In the Garden:
Coastal and Tropical South
February, 2007
Regional Report

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Even flamingos can be part of a permanent garden design.

Flamingos as Hardscape?

People everywhere, but especially gardeners in our region, are choosing to spend more time out in the garden. Stone patios and fireplaces are in, along with more elaborate and personally tailored pools and outdoor spas. Those installations form the basic architecture of the garden, standing out when nothing's in bloom around them. Ideally, these permanent "hardscape" elements play a role in the garden all year long, become part of the design, and don't overwhelm your plants or views.

Having a need to walk to the potting shed, we may install a path and line it with a flurry of plants that flop over its neat lines. Visually, the path may be obscured, but since you know where you're going, there's no problem. But if you want a path to have a neat edge, leading people directly to the destination, line it with bricks or other stiff edging to keep the look -- and the feet -- in order.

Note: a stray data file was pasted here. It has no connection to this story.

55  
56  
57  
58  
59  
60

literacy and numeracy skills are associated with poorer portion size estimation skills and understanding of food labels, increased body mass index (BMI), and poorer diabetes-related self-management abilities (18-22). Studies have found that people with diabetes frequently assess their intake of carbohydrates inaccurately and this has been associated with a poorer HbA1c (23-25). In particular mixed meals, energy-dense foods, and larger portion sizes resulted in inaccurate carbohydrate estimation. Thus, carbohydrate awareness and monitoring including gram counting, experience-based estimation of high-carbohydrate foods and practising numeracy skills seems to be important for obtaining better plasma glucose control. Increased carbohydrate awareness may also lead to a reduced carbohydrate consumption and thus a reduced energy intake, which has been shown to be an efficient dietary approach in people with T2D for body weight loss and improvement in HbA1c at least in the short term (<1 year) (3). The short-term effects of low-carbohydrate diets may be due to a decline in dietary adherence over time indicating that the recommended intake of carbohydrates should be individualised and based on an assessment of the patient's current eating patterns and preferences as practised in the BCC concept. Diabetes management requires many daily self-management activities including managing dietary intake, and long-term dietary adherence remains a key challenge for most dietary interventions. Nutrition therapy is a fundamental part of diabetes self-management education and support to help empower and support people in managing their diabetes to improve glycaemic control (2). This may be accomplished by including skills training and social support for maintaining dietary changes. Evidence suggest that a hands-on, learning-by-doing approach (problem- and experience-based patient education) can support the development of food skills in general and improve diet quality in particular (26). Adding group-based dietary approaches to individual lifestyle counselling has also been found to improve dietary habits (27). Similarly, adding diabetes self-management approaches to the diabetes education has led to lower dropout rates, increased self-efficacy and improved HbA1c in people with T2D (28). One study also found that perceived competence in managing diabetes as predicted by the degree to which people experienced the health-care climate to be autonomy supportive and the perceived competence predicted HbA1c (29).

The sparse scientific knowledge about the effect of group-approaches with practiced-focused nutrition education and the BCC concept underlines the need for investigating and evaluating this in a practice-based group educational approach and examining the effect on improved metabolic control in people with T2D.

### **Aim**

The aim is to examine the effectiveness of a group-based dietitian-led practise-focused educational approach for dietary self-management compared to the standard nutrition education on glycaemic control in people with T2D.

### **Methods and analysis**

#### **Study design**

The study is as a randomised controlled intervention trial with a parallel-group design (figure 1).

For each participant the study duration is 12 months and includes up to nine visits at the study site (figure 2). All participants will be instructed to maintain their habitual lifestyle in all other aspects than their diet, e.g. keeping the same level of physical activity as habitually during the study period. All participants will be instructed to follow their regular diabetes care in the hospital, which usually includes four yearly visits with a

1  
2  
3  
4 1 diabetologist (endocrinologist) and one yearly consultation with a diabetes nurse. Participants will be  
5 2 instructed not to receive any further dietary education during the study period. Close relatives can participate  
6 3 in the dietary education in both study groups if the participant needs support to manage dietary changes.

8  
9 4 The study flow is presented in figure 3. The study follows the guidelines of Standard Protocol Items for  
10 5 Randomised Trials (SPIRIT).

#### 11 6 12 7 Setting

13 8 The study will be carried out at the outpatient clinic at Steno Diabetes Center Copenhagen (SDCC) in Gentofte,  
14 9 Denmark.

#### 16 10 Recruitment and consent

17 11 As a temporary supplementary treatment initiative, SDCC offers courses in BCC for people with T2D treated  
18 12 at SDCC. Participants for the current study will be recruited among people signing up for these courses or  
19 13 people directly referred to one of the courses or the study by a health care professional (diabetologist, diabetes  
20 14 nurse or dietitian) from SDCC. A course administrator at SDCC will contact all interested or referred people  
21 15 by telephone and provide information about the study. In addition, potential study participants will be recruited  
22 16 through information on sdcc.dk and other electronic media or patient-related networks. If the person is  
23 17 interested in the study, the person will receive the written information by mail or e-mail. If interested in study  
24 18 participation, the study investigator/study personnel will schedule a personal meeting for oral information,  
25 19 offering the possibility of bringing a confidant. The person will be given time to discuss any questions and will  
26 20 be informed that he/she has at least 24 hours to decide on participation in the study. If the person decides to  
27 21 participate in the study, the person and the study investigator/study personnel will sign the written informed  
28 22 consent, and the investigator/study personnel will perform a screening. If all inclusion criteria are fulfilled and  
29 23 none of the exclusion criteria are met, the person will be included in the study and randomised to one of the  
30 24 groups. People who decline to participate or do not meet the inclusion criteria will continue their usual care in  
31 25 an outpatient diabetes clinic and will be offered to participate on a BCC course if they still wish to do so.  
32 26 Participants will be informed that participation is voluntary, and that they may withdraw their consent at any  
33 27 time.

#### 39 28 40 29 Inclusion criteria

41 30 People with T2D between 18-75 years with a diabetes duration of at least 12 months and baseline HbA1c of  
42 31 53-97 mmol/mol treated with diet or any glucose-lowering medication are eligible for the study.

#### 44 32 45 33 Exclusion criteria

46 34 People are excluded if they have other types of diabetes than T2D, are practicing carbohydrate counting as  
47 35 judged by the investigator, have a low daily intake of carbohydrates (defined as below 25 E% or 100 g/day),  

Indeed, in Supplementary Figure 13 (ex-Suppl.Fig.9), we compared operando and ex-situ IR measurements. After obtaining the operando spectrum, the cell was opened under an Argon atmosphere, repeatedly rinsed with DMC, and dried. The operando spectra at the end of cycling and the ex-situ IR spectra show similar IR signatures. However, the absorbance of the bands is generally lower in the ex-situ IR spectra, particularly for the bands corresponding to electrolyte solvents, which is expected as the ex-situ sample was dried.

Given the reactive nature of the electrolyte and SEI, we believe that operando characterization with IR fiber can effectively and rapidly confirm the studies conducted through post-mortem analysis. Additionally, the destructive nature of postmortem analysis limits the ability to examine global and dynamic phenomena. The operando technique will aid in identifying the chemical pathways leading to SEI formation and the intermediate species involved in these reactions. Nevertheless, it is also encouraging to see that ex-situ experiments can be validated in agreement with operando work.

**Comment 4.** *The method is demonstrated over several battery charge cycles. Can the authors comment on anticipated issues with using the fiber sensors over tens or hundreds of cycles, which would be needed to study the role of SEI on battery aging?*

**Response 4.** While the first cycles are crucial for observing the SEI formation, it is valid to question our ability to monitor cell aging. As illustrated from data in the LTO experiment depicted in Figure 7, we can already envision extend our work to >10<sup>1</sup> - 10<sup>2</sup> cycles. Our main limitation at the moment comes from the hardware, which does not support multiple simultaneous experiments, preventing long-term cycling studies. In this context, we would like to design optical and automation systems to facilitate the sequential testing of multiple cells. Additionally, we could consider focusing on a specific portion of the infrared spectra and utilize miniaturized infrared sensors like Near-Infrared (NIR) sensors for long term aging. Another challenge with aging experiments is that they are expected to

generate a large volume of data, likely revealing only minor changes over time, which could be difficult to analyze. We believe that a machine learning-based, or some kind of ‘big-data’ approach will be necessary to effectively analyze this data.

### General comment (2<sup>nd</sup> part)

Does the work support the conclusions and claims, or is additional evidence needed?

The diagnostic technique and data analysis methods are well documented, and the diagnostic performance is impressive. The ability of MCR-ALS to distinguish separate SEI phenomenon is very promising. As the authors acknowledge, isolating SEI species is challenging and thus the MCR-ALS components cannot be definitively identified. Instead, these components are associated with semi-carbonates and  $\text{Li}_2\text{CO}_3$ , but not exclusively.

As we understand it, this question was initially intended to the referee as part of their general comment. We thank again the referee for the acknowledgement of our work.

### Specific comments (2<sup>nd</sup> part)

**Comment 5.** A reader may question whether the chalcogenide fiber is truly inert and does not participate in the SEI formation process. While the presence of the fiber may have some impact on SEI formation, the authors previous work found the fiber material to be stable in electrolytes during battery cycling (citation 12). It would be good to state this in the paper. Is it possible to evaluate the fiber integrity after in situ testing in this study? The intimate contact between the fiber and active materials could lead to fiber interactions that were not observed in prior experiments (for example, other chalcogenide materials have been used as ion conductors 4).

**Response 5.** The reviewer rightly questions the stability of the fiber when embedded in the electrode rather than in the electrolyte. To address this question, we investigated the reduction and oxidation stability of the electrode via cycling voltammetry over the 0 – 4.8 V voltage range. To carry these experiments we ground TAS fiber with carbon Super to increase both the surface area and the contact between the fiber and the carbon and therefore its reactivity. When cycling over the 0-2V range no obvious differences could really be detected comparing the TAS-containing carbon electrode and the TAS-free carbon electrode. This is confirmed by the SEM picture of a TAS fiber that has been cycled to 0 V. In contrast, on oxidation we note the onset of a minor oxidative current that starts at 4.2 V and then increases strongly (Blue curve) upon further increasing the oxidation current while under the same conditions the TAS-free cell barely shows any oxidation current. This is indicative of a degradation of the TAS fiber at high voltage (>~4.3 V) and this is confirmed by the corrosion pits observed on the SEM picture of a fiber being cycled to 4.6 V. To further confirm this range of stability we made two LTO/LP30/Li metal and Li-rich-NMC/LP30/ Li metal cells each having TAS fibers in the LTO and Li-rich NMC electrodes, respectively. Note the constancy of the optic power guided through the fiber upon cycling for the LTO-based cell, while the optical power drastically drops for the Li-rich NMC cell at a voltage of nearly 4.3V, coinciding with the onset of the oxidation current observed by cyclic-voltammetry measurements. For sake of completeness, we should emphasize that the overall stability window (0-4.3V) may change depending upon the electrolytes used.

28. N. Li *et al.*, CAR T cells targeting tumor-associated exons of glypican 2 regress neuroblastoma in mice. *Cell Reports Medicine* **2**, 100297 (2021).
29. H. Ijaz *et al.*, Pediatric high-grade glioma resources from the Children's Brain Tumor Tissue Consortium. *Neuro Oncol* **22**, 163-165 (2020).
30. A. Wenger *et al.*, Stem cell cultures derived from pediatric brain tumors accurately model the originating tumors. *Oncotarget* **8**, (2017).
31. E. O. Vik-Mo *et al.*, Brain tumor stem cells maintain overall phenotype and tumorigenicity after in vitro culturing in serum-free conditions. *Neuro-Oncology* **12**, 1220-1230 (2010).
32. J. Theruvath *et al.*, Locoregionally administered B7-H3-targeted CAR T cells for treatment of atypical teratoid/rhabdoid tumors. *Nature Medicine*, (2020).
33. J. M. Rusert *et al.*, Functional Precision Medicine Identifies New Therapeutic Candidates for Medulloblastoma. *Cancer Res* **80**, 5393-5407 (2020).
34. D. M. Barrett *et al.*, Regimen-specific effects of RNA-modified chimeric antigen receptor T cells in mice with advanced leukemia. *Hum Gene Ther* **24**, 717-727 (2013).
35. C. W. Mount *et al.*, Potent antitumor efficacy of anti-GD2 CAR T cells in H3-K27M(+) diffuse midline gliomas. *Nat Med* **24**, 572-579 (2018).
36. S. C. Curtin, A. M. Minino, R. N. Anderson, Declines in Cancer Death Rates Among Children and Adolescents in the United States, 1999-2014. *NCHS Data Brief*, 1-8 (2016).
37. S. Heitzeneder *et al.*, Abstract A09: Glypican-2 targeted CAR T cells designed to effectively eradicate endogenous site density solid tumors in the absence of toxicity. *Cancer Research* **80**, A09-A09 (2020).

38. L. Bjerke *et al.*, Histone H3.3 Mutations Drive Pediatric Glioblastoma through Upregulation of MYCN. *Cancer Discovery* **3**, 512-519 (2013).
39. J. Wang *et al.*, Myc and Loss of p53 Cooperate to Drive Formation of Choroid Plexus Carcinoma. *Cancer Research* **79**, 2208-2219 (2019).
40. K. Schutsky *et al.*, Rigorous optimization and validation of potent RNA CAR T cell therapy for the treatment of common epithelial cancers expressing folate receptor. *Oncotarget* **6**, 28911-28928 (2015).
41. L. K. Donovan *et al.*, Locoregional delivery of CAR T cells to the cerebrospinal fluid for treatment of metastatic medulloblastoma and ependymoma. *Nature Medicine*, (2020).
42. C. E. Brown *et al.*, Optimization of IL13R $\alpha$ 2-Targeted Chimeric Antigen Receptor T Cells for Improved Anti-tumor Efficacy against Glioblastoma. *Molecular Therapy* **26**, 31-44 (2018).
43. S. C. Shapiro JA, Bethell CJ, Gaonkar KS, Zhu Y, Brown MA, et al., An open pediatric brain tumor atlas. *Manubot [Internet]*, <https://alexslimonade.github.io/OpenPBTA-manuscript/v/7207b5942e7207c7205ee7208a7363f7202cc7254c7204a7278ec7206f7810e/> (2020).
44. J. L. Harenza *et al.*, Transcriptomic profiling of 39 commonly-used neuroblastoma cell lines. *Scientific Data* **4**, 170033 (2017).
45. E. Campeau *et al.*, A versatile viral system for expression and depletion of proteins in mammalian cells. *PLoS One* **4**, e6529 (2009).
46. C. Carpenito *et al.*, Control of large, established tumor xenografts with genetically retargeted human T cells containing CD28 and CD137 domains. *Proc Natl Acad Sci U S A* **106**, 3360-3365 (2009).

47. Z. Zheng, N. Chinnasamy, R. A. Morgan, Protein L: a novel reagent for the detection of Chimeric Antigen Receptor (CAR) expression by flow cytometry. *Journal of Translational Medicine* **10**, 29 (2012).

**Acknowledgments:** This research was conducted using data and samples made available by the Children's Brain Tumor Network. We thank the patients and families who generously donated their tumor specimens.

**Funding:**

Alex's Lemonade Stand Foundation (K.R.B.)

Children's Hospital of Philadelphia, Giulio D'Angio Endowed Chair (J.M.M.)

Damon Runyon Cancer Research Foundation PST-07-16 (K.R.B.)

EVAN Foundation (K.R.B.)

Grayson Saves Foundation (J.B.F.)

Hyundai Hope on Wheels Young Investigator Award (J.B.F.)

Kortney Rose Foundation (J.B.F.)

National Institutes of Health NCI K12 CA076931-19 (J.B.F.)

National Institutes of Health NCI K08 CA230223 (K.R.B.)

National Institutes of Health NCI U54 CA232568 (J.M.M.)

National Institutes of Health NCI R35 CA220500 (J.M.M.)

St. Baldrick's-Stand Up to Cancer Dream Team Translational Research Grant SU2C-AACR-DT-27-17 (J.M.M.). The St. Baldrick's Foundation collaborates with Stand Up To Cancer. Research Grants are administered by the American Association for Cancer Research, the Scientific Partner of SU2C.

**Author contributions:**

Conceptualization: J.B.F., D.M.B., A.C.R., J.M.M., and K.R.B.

Birthing Style
The first and most important rule in choosing a hardscape element is to be certain it suits your style. But what is that? If pink flamingos or garden gnomes keep you smiling, or if you want to bring home every painted birdhouse, your style can be called "whimsical." But if only abstract designs suit you, and a huge wire obelisk catches you dreaming, you may think of yourself as "avant garde." "Charming" style can be seen in wooden arbors arching over a gate, with a flowery flag flying high over the scene. Sit in the garden, stare at catalogs and Web sites, visit other gardens, and get comfortable so you can give birth to your own, very personal garden style.

Scale Rules
Perhaps the biggest mistake often made in selecting hardscape is forgetting the scale of the object or the garden. Measure as many aspects as necessary to be sure heights are right, and the hardscape you'll be looking at all year is a pleasing addition, not an eyesore.


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